Did you know that there are not 20 member countries in the G20?
As world leaders gather for this year's summit in Hangzhou, China, here’s a brief guide to what the G20 is, who’s invited and why there are more than 20 countries in the club.
So, what is it?
The G20, short for "Group of 20", is made up of 19 countries: Argentina, Australia, Brazil, Canada, China, France, Germany, India, Indonesia, Italy, Japan, South Korea, Mexico, Russia, Saudi Arabia, South Africa, Turkey, the United Kingdom and the United States, plus the European Union.
Together, members account for roughly 85% of the world economy; that's around three-quarters of global trade and two-thirds of the world’s population.
What do they discuss?
The G20 started in 1999, following the Asian financial crisis, as a forum for finance ministers and central bank governors from the major developed and emerging economies to discuss global financial issues.
Amid the global financial crisis in 2008, it grew into the leaders’ summit, a place where presidents and prime ministers could get together for two days to try to solve the world’s economic problems.
Successive meetings of G20 leaders were held in Washington DC in 2008, London in early 2009 and Pittsburgh in late 2009, and have since become annual fixtures.
In the run-up to summits, senior officials known as "sherpas" thrash out the issues for discussion, with the aim of getting G20 members to reach agreement at the summit. Like sherpas in the Himalayas, they help guide their leaders through often difficult terrain, and do the diplomatic legwork.
There are also meetings of finance ministers and central bank governors, trade representatives and anti-corruption working groups.
Who is invited?
The G20 presidency rotates between members and is picked from different regions each year. In 2015, the G20 host was Turkey. This year it is China’s turn, with the theme: “Toward an innovative, invigorated, interconnected and inclusive world economy.”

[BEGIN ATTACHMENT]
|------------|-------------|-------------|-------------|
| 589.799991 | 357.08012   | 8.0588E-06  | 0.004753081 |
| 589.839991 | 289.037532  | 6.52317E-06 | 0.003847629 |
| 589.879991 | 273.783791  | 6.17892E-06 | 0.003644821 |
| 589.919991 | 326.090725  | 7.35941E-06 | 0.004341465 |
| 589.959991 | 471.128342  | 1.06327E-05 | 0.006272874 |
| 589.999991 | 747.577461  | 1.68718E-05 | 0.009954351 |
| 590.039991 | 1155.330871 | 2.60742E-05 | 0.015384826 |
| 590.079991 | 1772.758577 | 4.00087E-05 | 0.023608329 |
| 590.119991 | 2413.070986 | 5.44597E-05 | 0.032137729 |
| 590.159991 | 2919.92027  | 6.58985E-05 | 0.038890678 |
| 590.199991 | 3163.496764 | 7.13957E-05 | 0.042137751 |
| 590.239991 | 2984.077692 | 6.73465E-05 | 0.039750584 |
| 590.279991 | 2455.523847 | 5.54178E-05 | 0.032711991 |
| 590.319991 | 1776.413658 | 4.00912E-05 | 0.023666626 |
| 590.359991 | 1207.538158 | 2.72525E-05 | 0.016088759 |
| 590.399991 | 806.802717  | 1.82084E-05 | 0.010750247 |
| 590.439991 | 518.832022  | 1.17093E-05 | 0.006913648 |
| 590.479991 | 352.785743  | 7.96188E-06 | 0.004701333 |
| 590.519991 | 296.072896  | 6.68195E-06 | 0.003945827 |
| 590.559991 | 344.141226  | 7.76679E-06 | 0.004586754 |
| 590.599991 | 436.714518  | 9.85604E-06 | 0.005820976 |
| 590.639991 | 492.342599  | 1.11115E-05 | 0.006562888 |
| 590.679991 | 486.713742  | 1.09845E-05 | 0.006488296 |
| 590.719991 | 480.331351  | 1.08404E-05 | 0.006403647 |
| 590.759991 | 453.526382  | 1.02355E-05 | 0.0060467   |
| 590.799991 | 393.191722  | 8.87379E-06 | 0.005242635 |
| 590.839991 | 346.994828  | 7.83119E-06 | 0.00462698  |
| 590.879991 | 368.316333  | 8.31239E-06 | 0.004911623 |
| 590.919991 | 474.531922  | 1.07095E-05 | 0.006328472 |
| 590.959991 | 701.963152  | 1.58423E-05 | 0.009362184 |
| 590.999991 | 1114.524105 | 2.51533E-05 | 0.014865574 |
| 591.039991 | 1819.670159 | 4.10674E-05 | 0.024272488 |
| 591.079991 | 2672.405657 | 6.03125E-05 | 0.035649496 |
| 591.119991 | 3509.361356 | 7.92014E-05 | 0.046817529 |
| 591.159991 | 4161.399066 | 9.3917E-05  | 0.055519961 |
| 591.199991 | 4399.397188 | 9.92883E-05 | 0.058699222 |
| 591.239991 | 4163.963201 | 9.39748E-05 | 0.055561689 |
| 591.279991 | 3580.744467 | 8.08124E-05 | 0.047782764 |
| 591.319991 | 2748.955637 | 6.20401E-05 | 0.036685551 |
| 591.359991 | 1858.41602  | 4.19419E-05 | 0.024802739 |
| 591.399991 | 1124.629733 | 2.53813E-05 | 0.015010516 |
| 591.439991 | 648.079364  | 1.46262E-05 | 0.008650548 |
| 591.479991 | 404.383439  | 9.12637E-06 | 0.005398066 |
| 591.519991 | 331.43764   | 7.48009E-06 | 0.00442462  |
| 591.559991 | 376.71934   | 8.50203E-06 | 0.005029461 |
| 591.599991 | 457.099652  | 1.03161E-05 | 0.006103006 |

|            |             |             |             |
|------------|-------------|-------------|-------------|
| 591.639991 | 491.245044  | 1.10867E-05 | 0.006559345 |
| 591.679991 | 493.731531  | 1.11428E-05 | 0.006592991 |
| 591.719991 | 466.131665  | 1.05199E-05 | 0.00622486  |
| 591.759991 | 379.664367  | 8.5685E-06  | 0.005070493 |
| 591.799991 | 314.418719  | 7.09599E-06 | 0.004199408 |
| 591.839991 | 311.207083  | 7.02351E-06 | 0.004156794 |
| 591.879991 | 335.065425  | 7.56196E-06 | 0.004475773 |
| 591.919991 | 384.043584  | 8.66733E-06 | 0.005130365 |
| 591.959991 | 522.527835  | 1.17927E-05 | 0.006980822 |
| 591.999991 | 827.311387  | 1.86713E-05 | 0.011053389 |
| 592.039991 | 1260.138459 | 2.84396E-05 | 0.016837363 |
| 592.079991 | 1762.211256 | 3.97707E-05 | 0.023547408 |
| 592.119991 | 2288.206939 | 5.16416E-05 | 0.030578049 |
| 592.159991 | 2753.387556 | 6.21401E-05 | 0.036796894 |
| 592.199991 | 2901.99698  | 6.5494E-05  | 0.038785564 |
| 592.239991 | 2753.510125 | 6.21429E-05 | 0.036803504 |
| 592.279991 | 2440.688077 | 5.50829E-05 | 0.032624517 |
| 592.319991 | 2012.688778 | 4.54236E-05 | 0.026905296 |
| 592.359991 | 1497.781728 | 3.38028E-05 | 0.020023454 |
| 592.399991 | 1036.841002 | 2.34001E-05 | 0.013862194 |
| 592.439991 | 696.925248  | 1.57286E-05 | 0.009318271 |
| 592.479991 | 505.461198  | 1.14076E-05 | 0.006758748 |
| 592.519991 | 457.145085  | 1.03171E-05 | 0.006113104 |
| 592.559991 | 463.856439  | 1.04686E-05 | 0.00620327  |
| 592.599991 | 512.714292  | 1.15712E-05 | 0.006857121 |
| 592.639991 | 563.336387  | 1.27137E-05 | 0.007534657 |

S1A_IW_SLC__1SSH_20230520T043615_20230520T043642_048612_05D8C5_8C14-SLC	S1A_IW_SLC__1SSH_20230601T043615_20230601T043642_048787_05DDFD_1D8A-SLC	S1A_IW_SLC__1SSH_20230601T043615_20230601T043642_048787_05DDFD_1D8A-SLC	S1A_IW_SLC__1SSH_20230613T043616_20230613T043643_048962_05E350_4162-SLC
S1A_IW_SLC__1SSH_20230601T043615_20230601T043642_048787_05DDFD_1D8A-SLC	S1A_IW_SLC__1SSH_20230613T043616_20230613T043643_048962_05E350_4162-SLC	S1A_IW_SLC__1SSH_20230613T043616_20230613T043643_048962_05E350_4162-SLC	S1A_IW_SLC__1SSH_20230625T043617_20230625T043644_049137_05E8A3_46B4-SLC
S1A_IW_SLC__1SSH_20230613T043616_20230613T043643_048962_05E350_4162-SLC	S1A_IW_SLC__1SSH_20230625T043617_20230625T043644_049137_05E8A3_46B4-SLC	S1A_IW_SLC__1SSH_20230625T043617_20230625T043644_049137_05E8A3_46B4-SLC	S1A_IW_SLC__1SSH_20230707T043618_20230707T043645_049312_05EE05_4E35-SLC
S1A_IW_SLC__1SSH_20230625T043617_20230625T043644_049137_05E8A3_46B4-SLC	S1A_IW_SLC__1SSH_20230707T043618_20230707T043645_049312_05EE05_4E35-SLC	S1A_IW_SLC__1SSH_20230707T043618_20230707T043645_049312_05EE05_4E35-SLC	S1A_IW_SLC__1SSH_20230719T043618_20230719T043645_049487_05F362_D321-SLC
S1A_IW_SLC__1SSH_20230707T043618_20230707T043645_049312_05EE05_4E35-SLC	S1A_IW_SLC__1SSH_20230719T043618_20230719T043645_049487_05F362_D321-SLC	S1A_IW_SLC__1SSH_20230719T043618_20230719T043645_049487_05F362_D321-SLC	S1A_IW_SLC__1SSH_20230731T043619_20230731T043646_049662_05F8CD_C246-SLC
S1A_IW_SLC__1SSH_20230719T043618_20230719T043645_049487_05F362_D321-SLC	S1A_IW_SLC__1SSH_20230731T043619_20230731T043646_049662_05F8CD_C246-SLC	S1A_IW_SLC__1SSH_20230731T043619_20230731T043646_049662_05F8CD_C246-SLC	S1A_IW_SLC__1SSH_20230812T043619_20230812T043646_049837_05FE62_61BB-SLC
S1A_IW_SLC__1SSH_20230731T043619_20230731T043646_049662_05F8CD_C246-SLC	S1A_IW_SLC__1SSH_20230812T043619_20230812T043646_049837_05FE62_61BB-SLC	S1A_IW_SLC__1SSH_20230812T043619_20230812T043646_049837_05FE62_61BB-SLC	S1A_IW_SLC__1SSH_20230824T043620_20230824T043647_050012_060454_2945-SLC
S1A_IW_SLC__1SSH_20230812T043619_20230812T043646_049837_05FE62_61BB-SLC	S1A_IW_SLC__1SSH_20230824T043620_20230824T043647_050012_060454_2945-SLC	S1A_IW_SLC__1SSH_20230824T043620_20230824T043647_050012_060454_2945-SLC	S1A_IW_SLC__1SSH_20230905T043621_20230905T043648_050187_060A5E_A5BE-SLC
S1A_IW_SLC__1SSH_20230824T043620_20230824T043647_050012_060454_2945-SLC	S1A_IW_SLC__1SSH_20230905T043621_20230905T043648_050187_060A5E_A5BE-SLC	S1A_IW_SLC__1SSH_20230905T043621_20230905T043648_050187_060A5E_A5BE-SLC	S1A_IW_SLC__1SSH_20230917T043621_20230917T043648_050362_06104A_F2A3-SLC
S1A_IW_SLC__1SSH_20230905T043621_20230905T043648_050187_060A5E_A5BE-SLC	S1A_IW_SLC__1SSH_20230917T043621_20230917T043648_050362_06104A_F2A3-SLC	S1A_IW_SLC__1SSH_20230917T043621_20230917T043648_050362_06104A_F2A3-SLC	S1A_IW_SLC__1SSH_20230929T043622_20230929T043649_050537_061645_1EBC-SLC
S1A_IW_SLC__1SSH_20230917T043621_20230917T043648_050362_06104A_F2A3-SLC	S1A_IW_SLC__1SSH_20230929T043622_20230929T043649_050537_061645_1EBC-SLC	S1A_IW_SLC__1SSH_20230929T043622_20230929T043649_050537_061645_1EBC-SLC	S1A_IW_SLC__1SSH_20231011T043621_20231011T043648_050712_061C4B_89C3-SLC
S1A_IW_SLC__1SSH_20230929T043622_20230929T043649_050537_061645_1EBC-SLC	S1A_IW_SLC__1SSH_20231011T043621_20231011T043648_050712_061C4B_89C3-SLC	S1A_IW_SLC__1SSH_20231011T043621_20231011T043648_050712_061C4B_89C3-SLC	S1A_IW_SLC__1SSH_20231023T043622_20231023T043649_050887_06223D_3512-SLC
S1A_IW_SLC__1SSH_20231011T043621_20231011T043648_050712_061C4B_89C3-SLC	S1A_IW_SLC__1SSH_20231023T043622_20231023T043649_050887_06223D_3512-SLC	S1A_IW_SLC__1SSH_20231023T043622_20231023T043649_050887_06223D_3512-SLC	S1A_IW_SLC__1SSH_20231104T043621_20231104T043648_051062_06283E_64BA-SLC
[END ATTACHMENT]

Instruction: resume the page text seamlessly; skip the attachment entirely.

Spain is a "permanent invitee", and the G20 host also invites a handful of guest countries as a way of reaching out to non-members. However, to invite more nations to join the G20 would make decision-making too cumbersome, the thinking goes.
The heads of a number of international organizations also participate, including the International Monetary Fund, the United Nations, the World Bank and the World Trade Organisation.
Why the summit matters
While the G7 is made up of rich countries, the G20 manages to get leaders from both developed and emerging economies around the table, representing a far broader range of views.
It has been credited with reaching important agreements such as the trillion-dollar pledge in 2009 to help struggling economies during the global financial crisis.
Sometimes, however, it has proved hard for such a diverse group of countries to reach consensus.
The hope that the G20 agenda would broaden beyond the global economy to include discussion of political issues, such as security and climate change, has not really materialized.
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